.. _tutorial-comprehensions:
==================================================
Tutorial: Comprehensions, Iterators, and Iterables
==================================================
.. MODULEAUTHOR:: Florent Hivert and
Nicolas M. ThiĆ©ry
.. linkall
List comprehensions
===================
*List comprehensions* are a very handy way to construct lists in
Python. You can use either of the following idioms::
[ for in ]
[ for in if ]
For example, here are some lists of squares::
sage: [ i^2 for i in [1, 3, 7] ]
[1, 9, 49]
sage: [ i^2 for i in range(1,10) ]
[1, 4, 9, 16, 25, 36, 49, 64, 81]
sage: [ i^2 for i in range(1,10) if i % 2 == 1]
[1, 9, 25, 49, 81]
And a variant on the latter::
sage: [i^2 if i % 2 == 1 else 2 for i in range(10)]
[2, 1, 2, 9, 2, 25, 2, 49, 2, 81]
.. TOPIC:: Exercises
#. Construct the list of the squares of the prime integers between 1 and 10::
sage: # edit here
#. Construct the list of the perfect squares less than 100 (hint: use
:func:`srange` to get a list of Sage integers together with the
method ``i.sqrtrem()``)::
sage: # edit here
One can use more than one iterable in a list comprehension::
sage: [ (i,j) for i in range(1,6) for j in range(1,i) ]
[(2, 1), (3, 1), (3, 2), (4, 1), (4, 2), (4, 3), (5, 1), (5, 2), (5, 3), (5, 4)]
.. warning:: Mind the order of the nested loop in the previous expression.
If instead one wants to build a list of lists, one can use nested lists as in::
sage: [ [ binomial(n, i) for i in range(n+1) ] for n in range(10) ]
[[1],
[1, 1],
[1, 2, 1],
[1, 3, 3, 1],
[1, 4, 6, 4, 1],
[1, 5, 10, 10, 5, 1],
[1, 6, 15, 20, 15, 6, 1],
[1, 7, 21, 35, 35, 21, 7, 1],
[1, 8, 28, 56, 70, 56, 28, 8, 1],
[1, 9, 36, 84, 126, 126, 84, 36, 9, 1]]
.. TOPIC:: Exercises
#. Compute the list of pairs `(i,j)` of non negative integers such
that ``i`` is at most `5`, ``j`` is at most ``8``, and ``i`` and
``j`` are co-prime::
sage: # edit here
#. Compute the same list for `i < j < 10`::
sage: # edit here
Iterators
=========
Definition
----------
To build a comprehension, Python actually uses an *iterator*. This is
a device which runs through a bunch of objects, returning one at each
call to the ``next`` method. Iterators are built using parentheses::
sage: it = (binomial(8, i) for i in range(9))
sage: it.next()
1
::
sage: it.next()
8
sage: it.next()
28
sage: it.next()
56
You can get the list of the results that are not yet *consumed*::
sage: list(it)
[70, 56, 28, 8, 1]
Asking for more elements triggers a ``StopIteration`` exception::
sage: it.next()
Traceback (most recent call last):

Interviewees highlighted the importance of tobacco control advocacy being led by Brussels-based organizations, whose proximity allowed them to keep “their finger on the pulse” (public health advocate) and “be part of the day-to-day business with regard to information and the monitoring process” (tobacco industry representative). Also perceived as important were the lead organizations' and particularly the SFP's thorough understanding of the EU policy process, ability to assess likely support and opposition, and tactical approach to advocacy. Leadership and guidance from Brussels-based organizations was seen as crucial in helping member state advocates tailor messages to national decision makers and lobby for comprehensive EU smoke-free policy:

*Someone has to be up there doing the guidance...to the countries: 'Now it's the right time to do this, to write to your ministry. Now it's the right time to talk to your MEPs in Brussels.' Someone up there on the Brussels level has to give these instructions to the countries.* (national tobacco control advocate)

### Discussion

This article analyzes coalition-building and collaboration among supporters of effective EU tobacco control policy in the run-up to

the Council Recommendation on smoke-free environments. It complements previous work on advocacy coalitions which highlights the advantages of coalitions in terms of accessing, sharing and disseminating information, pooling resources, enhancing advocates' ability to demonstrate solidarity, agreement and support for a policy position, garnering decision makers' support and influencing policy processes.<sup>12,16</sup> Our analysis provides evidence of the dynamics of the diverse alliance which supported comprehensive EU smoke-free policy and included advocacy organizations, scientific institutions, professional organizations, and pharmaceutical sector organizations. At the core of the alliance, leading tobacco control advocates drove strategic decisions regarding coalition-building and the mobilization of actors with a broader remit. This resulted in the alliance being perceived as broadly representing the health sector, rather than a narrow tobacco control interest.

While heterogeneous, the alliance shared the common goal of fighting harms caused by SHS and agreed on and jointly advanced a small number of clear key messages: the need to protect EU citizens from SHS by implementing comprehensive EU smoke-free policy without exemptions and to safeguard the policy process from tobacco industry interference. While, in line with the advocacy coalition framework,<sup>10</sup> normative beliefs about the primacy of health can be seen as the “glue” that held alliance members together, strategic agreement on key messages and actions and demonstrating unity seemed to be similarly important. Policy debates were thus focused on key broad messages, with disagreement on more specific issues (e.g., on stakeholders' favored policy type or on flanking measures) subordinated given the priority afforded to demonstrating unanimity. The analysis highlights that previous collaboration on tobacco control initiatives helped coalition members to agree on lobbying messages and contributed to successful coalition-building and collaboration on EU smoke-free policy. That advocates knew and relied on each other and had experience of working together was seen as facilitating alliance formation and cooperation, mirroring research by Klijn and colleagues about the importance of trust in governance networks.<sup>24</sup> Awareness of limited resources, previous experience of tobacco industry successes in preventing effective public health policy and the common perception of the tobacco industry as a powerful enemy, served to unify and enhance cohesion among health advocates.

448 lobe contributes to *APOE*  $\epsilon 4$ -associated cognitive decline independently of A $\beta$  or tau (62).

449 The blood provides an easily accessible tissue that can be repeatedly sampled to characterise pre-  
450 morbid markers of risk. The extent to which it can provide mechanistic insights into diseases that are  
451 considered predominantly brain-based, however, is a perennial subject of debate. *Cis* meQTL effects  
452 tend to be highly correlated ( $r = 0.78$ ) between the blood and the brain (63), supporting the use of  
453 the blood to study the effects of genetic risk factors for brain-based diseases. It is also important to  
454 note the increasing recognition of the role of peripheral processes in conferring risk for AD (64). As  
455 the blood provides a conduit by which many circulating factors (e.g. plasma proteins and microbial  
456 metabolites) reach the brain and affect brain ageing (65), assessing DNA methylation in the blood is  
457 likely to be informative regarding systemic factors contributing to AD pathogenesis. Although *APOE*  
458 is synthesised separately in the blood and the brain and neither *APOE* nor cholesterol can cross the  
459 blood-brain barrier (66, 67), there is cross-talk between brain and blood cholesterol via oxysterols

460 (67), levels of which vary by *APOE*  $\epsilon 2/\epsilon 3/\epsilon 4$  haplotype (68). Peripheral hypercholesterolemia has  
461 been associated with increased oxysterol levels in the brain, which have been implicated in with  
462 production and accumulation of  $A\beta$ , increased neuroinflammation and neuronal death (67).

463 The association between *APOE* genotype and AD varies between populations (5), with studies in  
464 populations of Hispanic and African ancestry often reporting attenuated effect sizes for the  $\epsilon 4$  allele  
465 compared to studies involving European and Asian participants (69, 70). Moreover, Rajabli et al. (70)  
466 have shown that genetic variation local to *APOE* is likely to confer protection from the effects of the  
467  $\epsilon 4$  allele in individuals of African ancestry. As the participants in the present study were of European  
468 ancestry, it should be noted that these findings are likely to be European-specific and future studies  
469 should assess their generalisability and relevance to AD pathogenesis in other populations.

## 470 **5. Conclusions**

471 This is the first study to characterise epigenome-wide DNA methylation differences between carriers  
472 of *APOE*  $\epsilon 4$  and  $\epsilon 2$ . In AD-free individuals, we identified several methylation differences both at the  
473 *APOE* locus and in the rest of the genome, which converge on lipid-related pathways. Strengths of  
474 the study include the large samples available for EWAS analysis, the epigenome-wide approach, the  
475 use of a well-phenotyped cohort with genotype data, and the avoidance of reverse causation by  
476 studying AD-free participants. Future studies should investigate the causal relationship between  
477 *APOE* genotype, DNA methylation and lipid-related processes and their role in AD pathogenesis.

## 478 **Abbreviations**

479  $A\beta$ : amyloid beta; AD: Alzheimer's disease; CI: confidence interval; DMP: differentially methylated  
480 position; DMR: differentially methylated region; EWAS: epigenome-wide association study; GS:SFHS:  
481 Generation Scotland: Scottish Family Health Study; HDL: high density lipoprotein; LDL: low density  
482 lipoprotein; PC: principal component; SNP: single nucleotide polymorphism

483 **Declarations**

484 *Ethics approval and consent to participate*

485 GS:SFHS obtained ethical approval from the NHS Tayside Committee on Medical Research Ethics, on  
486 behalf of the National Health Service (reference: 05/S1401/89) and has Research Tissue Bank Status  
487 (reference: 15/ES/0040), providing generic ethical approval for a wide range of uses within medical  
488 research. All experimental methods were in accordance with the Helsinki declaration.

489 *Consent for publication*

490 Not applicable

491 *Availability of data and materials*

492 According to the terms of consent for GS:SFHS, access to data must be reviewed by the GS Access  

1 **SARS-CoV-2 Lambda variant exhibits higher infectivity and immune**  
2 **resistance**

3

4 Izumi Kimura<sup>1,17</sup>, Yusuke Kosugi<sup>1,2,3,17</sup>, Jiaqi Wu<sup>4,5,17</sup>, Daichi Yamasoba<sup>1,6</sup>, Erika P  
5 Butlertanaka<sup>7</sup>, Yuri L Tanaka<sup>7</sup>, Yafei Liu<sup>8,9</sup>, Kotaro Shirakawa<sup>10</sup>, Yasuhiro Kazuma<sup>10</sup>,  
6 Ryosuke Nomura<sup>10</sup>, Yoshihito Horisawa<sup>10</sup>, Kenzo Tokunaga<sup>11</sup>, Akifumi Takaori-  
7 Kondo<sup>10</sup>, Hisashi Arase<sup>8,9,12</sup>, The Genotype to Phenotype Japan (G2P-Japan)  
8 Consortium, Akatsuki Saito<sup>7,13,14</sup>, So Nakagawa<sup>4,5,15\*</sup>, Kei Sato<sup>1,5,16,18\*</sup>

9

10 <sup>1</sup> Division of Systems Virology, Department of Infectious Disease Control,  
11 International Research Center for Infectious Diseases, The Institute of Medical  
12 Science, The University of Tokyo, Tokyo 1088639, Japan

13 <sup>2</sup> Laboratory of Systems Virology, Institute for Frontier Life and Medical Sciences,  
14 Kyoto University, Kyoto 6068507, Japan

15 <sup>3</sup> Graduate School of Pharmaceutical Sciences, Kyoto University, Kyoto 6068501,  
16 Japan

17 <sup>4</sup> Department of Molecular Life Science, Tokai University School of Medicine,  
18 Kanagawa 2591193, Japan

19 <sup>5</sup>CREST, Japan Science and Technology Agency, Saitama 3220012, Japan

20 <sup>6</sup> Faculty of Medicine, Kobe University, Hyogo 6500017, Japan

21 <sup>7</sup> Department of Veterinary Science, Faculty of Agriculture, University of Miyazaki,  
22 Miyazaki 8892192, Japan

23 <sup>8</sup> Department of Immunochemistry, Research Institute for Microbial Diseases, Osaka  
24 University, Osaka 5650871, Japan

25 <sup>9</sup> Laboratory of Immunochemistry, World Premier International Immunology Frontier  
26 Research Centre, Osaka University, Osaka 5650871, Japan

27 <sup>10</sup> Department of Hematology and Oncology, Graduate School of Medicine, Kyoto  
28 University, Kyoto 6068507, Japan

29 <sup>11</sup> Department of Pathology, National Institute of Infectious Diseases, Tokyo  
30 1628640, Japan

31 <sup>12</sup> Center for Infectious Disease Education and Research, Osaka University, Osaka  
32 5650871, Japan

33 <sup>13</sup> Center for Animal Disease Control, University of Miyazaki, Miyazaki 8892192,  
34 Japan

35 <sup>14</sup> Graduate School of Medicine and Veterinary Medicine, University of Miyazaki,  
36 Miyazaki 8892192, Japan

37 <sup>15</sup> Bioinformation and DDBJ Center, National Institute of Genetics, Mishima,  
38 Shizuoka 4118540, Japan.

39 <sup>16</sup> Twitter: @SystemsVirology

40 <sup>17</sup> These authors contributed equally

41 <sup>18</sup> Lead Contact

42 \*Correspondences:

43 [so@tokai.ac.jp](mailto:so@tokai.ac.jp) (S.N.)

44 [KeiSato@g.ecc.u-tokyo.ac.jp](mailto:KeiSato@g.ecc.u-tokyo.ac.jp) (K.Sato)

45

...
StopIteration
An iterator can be used as argument for a function. The two following
idioms give the same results; however, the second idiom is much more
memory efficient (for large examples) as it does not expand any list
in memory::
sage: sum( [ binomial(8, i) for i in range(9) ] )
256
sage: sum( binomial(8, i) for i in xrange(9) )
256
.. TOPIC:: Exercises
#. Compute the sum of `\binom{10}{i}` for all even `i`::
sage: # edit here
#. Compute the sum of the gcd's of all co-prime numbers `i, j` for `i2 )
True
It is well know that if ``2^p-1`` is prime then ``p`` is prime::
sage: def mersenne(p): return 2^p -1
sage: [ is_prime(p) for p in range(20) if is_prime(mersenne(p)) ]
[True, True, True, True, True, True, True]
The converse is not true::
sage: all( is_prime(mersenne(p)) for p in range(1000) if is_prime(p) )
False
Using a list would be much slower here::
sage: %time all( is_prime(mersenne(p)) for p in range(1000) if is_prime(p) ) # not tested
CPU times: user 0.00 s, sys: 0.00 s, total: 0.00 s
Wall time: 0.00 s
False
sage: %time all( [ is_prime(mersenne(p)) for p in range(1000) if is_prime(p)] ) # not tested
CPU times: user 0.72 s, sys: 0.00 s, total: 0.73 s
Wall time: 0.73 s
False
You can get the counterexample using :func:`exists`. It takes two
arguments: an iterator and a function which tests the property that
should hold::
sage: exists( (p for p in range(1000) if is_prime(p)), lambda p: not is_prime(mersenne(p)) )
(True, 11)
An alternative way to achieve this is::
sage: counter_examples = (p for p in range(1000) if is_prime(p) and not is_prime(mersenne(p)))
sage: counter_examples.next()
11
.. TOPIC:: Exercises
#. Build the list `\{i^3 \mid -10*
[0 1]
[1 1]
[1 0]
[0 1]
[1 0]
[1 1]
[1 1]
[0 1]
[1 1]
[1 0]
sage: for p in Partitions(3): print p
[3]
[2, 1]
[1, 1, 1]
.. skip
Beware of infinite loops::
sage: for p in Partitions(): print p # not tested
.. skip
::
sage: for p in Primes(): print p # not tested
Infinite loops can nevertheless be very useful::
sage: exists( Primes(), lambda p: not is_prime(mersenne(p)) )
(True, 11)
sage: counter_examples = (p for p in Primes() if not is_prime(mersenne(p)))
sage: counter_examples.next()
11
*